Everyone wants to be loved, to be cherished, to matter to someone. I think that is the tender nature of each of our hearts, regardless of whether we are a woman or a man. God created us to desire love, friendship, and support, and as a result, our hearts and souls long for that intimate connection with our perfect partner. I am no exception. I longed to be loved, cherished, held, respected, and to have a deep, emotional and spiritual intimacy with the one God created for me. Then I met the man who would become my husband and thought that I was finally going to have all those things that I so desperately craved. But the reality is that each person in a relationship brings their past with them. They bring their pain, their trauma, their mistakes, and their global beliefs about themselves and others into the relationship which can alter the relationship from what it was meant to be to a struggle for survival. This is the piece that the entertainment industry forgets to tell us about. They paint a portrait of a fairytale romance that endures forever distorting our picture about what love and relationships are meant to be. We are so desperate to believe that fairytale love exists that we willingly cling to the distorted reality that we are presented with and then find ourselves in shock when true reality hits and it’s nothing like the fairytales we’ve been fed.

The sad thing is that this myth of relationships does not solely apply to romantic relationships. Many of us have been hurt and betrayed by friends and family as well. People who we thought would never hurt us end up causing the most pain. Many of us pursue friendships with the same vigor with which we pursue a romantic partner, expecting the same kind of fairytale relationship we see in movies and books. We believe that we will find girl or guy friends who will never disappoint us, who wouldn’t dare hurt us or try and steal our partners, and we definitely don’t think that those relationships will ever end…because the entertainment industry says they won’t. But the reality is that even in the best of relationships, you will be disappointed and hurt, for some they will be horribly betrayed by someone who vowed never to do so. No matter what kind of relationship you try to cultivate, friendship, family, or a romantic partner, the expectations we likely have or the hopes and dreams we have for those relationships, will never live up to reality. In order to have healthy relationships, we have to accept that our ideal relationships don’t exist because everyone brings their pain and past with them.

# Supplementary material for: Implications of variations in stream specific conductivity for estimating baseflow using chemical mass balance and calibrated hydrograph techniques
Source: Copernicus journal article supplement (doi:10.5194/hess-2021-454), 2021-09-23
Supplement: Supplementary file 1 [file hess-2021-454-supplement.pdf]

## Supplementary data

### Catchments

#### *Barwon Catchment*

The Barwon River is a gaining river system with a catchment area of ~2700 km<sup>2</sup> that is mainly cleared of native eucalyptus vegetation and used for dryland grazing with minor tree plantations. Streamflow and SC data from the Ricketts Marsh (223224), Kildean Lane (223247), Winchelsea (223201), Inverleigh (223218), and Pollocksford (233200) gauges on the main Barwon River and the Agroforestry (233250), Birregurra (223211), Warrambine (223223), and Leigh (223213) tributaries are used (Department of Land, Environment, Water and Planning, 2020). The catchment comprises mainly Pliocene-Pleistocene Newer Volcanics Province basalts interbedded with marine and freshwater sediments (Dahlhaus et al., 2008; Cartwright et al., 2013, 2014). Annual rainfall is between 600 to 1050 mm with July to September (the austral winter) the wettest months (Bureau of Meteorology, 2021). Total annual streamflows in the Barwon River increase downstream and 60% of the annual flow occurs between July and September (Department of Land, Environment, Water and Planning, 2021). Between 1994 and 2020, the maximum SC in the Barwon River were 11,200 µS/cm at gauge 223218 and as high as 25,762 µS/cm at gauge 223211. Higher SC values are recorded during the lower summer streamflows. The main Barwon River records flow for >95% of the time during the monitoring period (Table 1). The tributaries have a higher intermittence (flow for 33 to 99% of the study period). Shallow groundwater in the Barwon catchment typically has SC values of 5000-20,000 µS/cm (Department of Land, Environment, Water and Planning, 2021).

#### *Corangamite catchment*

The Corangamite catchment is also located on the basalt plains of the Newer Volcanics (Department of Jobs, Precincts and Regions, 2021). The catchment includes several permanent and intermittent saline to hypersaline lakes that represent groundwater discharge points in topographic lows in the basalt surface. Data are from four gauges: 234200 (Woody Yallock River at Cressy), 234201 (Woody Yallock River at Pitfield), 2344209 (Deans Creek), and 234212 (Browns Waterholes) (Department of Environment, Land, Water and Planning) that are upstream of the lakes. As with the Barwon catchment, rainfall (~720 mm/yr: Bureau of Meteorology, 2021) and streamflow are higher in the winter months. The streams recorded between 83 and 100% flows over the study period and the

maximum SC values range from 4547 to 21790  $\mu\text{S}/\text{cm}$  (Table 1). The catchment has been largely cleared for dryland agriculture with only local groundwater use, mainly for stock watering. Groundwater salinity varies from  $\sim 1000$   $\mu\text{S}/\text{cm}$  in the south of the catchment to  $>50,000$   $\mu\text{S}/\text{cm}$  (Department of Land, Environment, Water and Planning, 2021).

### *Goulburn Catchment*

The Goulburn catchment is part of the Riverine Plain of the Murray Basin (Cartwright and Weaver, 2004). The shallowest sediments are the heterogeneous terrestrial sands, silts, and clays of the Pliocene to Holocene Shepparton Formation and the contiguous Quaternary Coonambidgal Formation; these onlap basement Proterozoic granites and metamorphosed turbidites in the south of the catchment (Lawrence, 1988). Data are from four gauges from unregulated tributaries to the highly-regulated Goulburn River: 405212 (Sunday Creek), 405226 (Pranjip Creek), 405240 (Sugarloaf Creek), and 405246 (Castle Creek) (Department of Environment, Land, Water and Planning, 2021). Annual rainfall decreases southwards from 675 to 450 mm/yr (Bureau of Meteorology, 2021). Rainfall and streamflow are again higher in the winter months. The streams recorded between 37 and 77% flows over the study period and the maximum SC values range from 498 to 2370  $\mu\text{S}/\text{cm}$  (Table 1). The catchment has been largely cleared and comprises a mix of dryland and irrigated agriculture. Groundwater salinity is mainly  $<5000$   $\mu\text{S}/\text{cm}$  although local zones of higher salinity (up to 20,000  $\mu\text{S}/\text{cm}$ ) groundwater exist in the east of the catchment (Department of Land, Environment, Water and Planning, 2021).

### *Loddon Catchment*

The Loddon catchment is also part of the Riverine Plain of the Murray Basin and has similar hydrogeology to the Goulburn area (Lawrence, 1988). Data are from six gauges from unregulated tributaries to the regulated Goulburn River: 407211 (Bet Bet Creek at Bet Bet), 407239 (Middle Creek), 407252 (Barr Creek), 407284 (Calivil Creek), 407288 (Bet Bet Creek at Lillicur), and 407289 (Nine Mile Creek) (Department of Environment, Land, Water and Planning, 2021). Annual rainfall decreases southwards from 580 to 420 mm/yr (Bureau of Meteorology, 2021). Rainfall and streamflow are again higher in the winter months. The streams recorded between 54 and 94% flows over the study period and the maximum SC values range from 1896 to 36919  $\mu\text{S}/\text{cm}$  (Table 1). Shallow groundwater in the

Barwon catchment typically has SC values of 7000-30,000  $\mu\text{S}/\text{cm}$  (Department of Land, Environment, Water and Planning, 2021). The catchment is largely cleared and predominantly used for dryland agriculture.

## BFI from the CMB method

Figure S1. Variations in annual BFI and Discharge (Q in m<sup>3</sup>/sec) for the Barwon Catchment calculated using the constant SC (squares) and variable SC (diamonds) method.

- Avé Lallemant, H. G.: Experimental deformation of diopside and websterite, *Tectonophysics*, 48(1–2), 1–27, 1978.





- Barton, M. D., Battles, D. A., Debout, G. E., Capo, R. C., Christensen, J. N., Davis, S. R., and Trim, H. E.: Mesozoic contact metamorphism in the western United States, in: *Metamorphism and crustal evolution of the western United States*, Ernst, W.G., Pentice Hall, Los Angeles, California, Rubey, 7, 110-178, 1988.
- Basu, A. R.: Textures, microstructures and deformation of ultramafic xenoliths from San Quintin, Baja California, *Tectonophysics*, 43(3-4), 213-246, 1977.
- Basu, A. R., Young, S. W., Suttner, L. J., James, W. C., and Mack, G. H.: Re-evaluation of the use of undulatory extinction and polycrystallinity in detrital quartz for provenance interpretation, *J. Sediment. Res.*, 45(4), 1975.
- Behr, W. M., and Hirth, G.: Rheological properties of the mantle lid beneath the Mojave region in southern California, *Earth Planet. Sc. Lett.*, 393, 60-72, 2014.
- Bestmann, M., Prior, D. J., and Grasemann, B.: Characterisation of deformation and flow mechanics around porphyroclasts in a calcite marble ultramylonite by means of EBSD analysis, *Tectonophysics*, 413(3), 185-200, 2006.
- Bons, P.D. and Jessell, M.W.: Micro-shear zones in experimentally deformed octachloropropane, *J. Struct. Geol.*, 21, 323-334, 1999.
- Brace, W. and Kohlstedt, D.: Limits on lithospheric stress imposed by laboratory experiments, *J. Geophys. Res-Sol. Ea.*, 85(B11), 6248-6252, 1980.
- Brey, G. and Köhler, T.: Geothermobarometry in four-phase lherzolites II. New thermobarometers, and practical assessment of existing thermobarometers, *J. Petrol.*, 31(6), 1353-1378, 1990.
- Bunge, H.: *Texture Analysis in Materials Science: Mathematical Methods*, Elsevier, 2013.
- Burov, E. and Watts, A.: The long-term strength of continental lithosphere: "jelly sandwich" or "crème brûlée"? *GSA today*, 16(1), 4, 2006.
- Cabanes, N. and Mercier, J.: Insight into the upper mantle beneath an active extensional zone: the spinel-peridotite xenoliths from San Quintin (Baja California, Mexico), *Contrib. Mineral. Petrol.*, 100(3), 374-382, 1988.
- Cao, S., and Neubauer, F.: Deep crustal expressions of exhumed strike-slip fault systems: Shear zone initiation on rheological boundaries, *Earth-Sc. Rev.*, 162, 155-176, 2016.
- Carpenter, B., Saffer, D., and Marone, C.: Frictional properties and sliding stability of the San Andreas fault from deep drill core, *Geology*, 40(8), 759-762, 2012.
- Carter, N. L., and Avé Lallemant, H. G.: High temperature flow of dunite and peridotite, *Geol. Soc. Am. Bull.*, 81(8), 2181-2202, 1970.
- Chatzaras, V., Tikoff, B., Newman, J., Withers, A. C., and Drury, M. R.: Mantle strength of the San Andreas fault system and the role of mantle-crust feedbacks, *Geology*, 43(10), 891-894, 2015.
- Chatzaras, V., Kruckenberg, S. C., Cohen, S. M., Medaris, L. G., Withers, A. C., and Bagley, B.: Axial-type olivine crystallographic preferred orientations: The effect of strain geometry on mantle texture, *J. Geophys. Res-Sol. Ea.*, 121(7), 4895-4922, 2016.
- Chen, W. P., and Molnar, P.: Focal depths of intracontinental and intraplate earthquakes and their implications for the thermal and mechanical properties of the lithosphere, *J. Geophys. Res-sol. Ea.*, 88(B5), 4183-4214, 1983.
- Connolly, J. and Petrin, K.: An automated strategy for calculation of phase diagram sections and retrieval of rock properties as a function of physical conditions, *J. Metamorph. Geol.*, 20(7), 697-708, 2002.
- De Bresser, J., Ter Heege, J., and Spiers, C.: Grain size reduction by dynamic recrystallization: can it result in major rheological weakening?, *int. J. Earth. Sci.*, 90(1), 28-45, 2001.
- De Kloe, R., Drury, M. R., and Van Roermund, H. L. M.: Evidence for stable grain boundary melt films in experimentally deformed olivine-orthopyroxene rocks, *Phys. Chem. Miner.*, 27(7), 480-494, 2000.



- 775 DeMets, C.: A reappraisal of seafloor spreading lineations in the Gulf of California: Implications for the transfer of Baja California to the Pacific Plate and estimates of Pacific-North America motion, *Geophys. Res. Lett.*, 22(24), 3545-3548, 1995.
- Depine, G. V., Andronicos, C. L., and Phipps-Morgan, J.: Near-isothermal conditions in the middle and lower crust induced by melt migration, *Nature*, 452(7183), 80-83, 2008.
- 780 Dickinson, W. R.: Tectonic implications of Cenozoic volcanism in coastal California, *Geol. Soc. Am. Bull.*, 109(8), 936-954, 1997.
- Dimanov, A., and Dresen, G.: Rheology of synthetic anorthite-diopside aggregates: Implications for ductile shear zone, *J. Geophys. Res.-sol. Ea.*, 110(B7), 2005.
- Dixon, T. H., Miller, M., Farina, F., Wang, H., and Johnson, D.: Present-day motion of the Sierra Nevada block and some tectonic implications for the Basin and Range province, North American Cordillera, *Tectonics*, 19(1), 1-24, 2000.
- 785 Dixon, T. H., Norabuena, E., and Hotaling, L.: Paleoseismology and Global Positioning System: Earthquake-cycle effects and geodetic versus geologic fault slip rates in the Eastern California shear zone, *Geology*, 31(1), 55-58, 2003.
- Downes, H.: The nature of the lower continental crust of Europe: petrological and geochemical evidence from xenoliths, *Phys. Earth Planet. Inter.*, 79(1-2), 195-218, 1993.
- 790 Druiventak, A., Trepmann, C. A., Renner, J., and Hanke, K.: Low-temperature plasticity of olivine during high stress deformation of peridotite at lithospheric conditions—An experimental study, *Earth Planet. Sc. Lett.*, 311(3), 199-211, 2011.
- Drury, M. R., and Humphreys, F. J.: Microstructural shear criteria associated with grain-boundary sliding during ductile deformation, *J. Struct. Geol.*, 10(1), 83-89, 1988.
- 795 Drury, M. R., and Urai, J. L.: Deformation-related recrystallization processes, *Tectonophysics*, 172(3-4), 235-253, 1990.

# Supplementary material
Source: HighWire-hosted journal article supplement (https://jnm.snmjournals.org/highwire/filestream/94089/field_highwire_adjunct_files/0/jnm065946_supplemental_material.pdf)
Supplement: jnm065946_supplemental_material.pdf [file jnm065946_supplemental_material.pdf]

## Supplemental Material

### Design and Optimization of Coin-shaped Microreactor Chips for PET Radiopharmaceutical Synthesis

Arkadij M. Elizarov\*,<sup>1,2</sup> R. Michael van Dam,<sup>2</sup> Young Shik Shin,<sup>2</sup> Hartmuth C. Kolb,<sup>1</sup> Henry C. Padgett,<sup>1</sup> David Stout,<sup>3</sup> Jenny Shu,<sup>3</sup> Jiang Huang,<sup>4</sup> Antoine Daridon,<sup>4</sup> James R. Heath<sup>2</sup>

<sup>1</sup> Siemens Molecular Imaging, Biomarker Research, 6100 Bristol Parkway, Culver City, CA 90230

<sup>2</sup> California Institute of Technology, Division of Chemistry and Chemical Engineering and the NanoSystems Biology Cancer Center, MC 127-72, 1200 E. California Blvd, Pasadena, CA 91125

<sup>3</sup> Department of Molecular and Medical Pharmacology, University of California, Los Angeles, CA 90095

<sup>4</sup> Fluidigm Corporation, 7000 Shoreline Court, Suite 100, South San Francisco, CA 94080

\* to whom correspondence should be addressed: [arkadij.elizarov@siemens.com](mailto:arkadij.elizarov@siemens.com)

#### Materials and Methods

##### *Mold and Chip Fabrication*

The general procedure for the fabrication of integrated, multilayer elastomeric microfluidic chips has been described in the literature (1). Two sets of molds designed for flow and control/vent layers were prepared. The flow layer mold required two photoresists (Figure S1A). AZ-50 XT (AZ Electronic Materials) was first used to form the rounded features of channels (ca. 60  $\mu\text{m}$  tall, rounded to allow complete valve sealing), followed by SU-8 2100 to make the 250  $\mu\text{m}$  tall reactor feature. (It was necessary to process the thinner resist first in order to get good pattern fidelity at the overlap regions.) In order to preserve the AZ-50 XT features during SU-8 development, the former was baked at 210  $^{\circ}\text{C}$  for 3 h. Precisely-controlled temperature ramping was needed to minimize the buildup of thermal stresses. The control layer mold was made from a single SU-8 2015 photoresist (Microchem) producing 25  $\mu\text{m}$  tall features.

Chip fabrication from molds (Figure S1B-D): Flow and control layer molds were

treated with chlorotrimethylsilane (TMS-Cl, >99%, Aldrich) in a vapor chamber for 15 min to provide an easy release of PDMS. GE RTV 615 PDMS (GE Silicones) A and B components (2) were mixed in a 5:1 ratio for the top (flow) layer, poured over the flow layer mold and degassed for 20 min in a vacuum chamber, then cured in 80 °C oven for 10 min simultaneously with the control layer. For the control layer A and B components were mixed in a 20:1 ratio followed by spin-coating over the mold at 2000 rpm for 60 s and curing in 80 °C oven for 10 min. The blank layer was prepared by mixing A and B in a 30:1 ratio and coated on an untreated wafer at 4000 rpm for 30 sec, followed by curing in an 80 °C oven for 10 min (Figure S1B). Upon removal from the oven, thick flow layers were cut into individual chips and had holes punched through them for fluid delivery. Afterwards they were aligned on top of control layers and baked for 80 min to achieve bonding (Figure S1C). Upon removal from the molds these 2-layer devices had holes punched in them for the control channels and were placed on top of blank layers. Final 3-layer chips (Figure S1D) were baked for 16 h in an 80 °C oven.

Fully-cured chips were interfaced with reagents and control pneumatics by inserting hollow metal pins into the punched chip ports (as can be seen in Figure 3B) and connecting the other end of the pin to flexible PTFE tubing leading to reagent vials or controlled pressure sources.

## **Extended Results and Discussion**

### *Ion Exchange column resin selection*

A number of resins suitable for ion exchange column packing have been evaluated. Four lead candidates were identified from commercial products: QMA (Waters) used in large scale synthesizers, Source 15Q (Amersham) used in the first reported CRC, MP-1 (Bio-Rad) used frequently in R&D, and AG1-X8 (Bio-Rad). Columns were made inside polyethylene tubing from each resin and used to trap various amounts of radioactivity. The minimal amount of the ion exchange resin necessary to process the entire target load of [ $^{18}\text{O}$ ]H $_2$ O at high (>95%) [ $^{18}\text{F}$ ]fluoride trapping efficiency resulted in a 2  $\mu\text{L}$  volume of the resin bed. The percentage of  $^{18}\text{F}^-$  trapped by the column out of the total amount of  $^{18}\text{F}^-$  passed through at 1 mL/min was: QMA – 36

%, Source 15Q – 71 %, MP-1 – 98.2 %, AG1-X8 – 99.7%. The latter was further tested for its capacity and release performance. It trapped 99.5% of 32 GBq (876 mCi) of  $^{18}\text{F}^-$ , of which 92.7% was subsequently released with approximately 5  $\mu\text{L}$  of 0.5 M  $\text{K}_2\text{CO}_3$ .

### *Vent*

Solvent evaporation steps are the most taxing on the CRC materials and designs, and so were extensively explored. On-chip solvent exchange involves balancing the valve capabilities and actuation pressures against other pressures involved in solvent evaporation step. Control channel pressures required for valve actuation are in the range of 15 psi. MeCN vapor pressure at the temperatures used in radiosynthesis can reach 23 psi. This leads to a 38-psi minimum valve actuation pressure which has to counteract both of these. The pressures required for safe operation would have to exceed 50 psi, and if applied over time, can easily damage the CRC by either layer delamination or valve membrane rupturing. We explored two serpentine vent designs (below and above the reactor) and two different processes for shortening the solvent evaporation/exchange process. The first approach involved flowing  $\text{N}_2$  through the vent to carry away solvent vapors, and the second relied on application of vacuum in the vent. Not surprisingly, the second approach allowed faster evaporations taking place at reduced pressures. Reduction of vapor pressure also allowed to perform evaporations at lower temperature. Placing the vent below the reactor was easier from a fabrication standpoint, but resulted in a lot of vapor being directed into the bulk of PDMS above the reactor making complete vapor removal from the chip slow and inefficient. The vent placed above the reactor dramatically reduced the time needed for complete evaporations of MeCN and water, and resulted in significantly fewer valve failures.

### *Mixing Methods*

This can be even more true for those of us who have experienced significant traumas in our lives. Living life without experiencing trauma is more or less impossible in this world, but so often we forget that the trauma we experience effects every aspect of our lives. That pain bleeds into relationships that may develop long after the trauma has ended. Where we need to have awareness about ourselves when we are pursuing relationships after trauma, is to acknowledge that there is a part of us that now seeks safety and security over anything else. Many of us may have an exaggerated need for companionship where the fear of rejection and loss of a relationship can lead to very self-destructive behaviors. So often I see people who have been traumatized, compromising who they are, changing their values, or making excuses for people who hurt them because the fear of being alone and vulnerable to more trauma overwhelms their sense of identity and self-preservation.